Architects James Stewart Polshek and Todd Schliemann of Polshek Partnership (now Ennead Architects) proposed a total redesign to accommodate the institution’s needs. Ultimately, the architects' process mirrored that of their patron. Just as the planetarium needed cutting-edge facilities to fulfill its mission, the architects required cutting-edge technology to actualize their design. The building was to be a riff on the original dome, but also a new thing under the sun -- a complete sphere suspended in a glass cube.

Computer Aided Design (CAD) technology made the final building possible and heralded an architectural paradigm shift. As the New York Times’ David W. Dunlap noted in 1999, “computers are ratcheting up the wow factor in architecture, that feeling of astonishment in those who behold buildings with forms that defy orthogonal convention and – it sometimes seems - even gravity itself.”

The concept of the spherical theater has centuries-old origins, including Étienne-Louis Boullée’s 1785 Cenotaph for Isaac Newton and Karl Friedrich Schinkel’s 1816 Hall of the Stars set design for The Magic Flute. Neither were built. In 2000, Schliemann and Polshek were able to realize the 87-foot-diameter spherical Hayden Planetarium because CAD gave them a major advantage over Boullee and Schinkel. Thanks to 21st century technologies, the Hayden sphere appears to float in a 95-foot high glass box, and the height and radius of the encircling ramp are constantly changing.  Rose Center patron Frederick Phineas Rose (himself an engineer) noted that without CAD, the building would have taken three to four times as long to execute. The $210 million Rose Center and Hayden Planetarium were completed in under three years and opened to the public in February 2000.They have been called a “cosmic cathedral,” and some observers claim that Hayden is the most advanced planetarium in the world.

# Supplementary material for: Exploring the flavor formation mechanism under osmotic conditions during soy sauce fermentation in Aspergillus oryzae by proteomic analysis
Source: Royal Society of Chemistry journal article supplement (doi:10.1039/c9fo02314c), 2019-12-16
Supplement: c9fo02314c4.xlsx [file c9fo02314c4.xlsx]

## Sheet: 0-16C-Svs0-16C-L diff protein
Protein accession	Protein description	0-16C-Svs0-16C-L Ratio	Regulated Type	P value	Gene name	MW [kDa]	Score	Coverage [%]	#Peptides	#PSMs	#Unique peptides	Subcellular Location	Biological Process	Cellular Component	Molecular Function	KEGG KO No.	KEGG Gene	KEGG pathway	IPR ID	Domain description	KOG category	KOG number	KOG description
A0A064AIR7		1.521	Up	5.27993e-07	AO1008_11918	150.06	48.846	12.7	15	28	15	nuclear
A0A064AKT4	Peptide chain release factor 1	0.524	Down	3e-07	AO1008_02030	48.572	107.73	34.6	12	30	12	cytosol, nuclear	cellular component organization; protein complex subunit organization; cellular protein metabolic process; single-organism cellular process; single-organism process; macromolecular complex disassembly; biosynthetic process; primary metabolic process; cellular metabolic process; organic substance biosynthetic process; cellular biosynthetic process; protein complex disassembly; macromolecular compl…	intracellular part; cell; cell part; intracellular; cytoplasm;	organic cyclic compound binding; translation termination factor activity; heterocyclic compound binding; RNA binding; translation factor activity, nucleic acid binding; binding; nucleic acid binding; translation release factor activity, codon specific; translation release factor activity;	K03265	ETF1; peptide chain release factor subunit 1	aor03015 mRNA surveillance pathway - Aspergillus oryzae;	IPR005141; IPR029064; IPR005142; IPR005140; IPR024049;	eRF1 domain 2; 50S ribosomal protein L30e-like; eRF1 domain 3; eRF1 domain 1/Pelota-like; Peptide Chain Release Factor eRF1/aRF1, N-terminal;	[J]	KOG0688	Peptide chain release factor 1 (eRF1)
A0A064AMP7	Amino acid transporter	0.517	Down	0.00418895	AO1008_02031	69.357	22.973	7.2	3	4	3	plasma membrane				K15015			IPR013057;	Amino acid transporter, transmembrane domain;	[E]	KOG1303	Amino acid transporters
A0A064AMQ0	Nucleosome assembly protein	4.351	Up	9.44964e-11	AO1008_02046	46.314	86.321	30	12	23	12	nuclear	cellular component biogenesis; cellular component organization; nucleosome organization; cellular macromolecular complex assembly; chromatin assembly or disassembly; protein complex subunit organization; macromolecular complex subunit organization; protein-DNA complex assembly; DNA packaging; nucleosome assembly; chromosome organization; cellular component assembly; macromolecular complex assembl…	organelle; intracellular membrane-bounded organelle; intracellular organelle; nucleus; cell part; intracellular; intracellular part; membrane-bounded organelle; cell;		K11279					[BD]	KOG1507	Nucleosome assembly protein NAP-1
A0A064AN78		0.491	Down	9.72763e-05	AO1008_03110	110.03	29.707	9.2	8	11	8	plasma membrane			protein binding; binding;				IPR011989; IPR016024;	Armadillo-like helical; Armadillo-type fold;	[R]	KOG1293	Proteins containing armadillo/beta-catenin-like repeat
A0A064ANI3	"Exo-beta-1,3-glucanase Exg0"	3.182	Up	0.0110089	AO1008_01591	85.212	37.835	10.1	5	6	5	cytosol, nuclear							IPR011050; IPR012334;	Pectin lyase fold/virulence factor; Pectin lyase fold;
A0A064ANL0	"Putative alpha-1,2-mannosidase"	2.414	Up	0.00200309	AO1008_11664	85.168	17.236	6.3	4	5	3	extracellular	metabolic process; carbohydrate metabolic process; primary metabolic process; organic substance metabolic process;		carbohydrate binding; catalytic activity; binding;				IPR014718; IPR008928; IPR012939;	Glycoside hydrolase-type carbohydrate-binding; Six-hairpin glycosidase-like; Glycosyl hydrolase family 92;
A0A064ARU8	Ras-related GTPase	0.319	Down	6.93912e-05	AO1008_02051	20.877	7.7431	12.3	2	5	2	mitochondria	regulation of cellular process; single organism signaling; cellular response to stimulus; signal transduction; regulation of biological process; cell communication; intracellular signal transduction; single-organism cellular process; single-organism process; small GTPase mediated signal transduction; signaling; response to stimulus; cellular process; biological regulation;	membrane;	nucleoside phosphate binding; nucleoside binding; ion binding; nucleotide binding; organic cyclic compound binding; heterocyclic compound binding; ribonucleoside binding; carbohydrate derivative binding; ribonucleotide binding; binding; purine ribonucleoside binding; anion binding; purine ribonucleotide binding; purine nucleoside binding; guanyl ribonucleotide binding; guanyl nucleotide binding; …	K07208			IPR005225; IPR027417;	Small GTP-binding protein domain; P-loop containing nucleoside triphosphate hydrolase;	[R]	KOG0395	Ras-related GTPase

The sphere of the redesigned planetarium now houses two theaters. In the top section, the one-of-a-kind Ziess Mark IX Hayden Edition projector takes 429 "Space Theater viewers" on a journey to the edge of the universe. The Big Bang Theater in the bottom contains an 8-foot bowl in which laser and light special effects recreate the beginning of the universe. The 360-foot encircling Cosmic Pathway depicts 13 billion years of cosmic history, and uses the giant globe as a reference point for the size scales of the universe. 

It was hoped that visitors to the original 1935 Hayden Planetarium “should not feel the presence of the walls or ceiling and should be able to imagine themselves out in the open air with only the sky overhead.” In 1935, designers gave patrons the sense of floating in space through sound deprivation. Engineers eliminated echoes, reverberations, and all other forms of noise. For the 2000 redesign, the architects acheived a similar effect, albeit through visual trickery. Their trompe l’oeil floating sphere is achieved with a steel tripod that supports a circular truss. The upper hemisphere rests on the truss, while the lower hemisphere dangles from it. The cube’s white water glass walls contains none of iron that gives other glass a green hue. As Herbert Muschamp noted, this level of transparency softens the edges, making the cube almost disappear into the cosmos around it. Visually, the Center achieves the original desire for an open air-effect better than ever. It also still fulfills Charles Hayden’s wish that visitors realize the immensity of the universe’s power relative to their own.